Supply troubles foreshadow the kinds of ramifications Americans could face if natural gas exports get accelerated or the oil export ban is lifted.

By Elizabeth Douglass

As the nation charges toward energy independence, many Americans learned an important lesson this winter: Just because the country is awash in domestic fuel doesn't mean it will be there when they need it most.  

From December into February, when winter temperatures plummeted to record lows across much of the country, residents in the Midwest and Northeast struggled to stay warm amid propane shortages and price spikes. Propane, also known as autogas or liquefied petroleum gas (LPG), is vital because it heats more than six million homes, fuels equipment and vehicle fleets, and is instrumental on farms for drying grain for storage and keeping livestock-filled barns warm in the winter.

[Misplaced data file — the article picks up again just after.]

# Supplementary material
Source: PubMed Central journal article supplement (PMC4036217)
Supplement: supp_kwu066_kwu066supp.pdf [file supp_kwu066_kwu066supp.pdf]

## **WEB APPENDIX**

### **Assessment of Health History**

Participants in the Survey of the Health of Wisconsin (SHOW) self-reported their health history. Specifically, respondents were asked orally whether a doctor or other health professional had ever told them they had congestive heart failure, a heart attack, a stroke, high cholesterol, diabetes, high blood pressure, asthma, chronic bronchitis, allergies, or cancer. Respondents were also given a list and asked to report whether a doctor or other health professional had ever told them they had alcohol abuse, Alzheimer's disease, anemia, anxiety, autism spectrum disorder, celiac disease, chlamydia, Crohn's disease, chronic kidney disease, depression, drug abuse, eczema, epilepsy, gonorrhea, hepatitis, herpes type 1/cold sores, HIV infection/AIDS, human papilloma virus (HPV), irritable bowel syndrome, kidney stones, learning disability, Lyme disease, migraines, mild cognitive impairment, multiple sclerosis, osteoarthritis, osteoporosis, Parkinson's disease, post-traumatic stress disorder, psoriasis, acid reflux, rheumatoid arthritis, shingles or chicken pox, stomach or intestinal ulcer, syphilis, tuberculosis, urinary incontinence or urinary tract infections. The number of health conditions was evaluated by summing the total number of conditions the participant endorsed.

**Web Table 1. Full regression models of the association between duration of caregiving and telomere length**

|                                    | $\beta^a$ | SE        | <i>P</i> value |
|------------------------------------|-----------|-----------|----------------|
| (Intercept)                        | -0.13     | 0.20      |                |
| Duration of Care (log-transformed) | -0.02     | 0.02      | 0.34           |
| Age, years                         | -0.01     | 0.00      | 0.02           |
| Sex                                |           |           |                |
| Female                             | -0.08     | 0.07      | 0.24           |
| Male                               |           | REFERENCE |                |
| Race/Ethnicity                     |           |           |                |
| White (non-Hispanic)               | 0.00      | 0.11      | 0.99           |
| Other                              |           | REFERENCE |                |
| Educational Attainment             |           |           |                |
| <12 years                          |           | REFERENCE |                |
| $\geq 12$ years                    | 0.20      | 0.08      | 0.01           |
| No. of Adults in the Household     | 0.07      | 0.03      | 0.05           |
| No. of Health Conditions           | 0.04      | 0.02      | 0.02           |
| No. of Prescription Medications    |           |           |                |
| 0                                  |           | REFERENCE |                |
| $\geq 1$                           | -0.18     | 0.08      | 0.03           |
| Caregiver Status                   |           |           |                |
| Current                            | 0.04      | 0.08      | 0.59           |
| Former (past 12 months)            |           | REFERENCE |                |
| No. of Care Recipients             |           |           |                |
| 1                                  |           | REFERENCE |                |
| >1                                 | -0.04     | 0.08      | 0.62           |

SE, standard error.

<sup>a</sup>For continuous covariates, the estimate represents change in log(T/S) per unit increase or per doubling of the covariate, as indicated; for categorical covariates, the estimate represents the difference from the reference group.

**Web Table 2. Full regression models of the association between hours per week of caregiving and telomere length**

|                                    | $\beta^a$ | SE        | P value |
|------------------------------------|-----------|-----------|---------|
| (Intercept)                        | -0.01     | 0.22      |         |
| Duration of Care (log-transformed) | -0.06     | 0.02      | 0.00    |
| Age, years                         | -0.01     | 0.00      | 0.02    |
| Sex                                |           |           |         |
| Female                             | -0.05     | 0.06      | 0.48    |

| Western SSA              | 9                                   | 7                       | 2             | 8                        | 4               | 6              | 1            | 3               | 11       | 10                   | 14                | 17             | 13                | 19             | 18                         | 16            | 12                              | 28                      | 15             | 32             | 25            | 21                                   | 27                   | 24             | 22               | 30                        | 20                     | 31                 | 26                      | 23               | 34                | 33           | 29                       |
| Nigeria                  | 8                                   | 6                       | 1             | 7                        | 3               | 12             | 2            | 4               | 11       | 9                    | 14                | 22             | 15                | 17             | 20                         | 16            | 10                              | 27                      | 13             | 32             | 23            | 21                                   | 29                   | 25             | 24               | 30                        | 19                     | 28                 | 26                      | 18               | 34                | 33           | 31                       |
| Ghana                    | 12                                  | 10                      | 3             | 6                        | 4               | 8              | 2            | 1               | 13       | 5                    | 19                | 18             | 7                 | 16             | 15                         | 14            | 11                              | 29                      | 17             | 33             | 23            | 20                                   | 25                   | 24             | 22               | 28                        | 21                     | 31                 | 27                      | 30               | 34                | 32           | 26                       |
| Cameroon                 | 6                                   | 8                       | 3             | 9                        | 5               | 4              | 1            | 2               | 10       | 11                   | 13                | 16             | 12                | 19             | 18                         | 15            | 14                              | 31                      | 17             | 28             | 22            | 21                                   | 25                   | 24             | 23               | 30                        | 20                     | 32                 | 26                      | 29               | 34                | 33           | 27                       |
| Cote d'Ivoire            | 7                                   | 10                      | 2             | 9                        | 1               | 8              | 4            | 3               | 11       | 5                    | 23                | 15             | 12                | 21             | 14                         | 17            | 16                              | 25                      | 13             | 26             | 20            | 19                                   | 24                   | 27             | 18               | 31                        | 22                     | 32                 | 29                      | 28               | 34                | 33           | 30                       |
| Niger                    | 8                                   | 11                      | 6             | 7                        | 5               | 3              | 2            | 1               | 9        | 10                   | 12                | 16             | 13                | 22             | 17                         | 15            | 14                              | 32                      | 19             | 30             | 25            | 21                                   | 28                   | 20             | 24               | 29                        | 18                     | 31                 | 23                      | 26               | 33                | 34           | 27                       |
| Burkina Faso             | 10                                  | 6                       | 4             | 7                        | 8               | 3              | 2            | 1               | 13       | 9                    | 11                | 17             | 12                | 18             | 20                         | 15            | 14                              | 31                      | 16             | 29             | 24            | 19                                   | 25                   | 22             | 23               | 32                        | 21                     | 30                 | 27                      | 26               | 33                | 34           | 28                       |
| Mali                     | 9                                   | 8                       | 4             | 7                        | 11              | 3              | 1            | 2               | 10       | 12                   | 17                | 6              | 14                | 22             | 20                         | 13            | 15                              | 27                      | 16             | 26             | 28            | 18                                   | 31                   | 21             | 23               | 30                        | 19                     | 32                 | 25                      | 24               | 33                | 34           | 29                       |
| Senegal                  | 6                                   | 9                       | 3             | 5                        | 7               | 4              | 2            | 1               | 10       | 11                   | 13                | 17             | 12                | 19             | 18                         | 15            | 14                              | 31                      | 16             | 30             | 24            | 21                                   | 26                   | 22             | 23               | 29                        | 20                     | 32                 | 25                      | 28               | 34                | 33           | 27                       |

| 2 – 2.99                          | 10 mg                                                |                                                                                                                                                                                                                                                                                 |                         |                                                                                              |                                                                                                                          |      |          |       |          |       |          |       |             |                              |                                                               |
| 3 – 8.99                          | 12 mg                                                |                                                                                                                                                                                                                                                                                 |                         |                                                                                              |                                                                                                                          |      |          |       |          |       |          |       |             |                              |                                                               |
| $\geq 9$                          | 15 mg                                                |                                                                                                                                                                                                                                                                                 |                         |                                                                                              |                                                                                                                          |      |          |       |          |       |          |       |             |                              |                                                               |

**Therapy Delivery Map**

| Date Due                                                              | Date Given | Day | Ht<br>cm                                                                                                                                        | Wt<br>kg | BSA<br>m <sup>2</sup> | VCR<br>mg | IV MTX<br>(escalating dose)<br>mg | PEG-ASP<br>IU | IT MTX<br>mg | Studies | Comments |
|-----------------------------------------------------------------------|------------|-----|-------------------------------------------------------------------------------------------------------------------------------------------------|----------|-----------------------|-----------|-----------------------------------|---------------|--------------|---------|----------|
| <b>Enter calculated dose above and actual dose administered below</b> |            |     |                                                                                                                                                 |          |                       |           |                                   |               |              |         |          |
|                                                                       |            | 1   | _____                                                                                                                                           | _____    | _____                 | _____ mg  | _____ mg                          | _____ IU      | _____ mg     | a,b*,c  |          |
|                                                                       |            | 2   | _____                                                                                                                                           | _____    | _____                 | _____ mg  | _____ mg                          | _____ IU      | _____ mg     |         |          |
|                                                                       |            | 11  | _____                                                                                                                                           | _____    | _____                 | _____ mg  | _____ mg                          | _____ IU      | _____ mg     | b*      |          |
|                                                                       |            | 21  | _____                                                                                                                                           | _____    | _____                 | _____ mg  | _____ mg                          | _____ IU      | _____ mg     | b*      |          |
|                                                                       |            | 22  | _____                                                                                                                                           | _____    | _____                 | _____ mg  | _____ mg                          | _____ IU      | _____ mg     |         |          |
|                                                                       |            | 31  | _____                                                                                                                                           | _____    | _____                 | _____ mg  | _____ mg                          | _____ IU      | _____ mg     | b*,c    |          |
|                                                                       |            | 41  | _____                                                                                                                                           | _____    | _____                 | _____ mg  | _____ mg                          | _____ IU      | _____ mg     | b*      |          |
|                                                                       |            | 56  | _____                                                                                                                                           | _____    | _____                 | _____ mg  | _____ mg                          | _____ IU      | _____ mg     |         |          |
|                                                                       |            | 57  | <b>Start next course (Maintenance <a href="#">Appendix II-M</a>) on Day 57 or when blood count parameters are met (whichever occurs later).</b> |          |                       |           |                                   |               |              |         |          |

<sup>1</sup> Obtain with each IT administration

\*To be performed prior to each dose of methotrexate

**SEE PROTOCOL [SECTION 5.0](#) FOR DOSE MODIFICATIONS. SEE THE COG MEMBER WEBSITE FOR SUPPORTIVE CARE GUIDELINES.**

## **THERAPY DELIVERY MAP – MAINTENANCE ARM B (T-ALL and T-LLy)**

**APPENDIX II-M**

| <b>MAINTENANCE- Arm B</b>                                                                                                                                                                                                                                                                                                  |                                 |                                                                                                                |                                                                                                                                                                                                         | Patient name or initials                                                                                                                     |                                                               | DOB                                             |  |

This happened despite several years in a row of soaring domestic propane production—calling into question the commonly held belief that an abundance of American-made energy will automatically provide energy security and lower fuel prices for consumers. The nation's supply of propane—a byproduct of natural gas drilling, oil drilling and oil refining—has been surging alongside the oil and natural gas being pulled from shale formations from North Dakota to Texas and from Ohio to New York.


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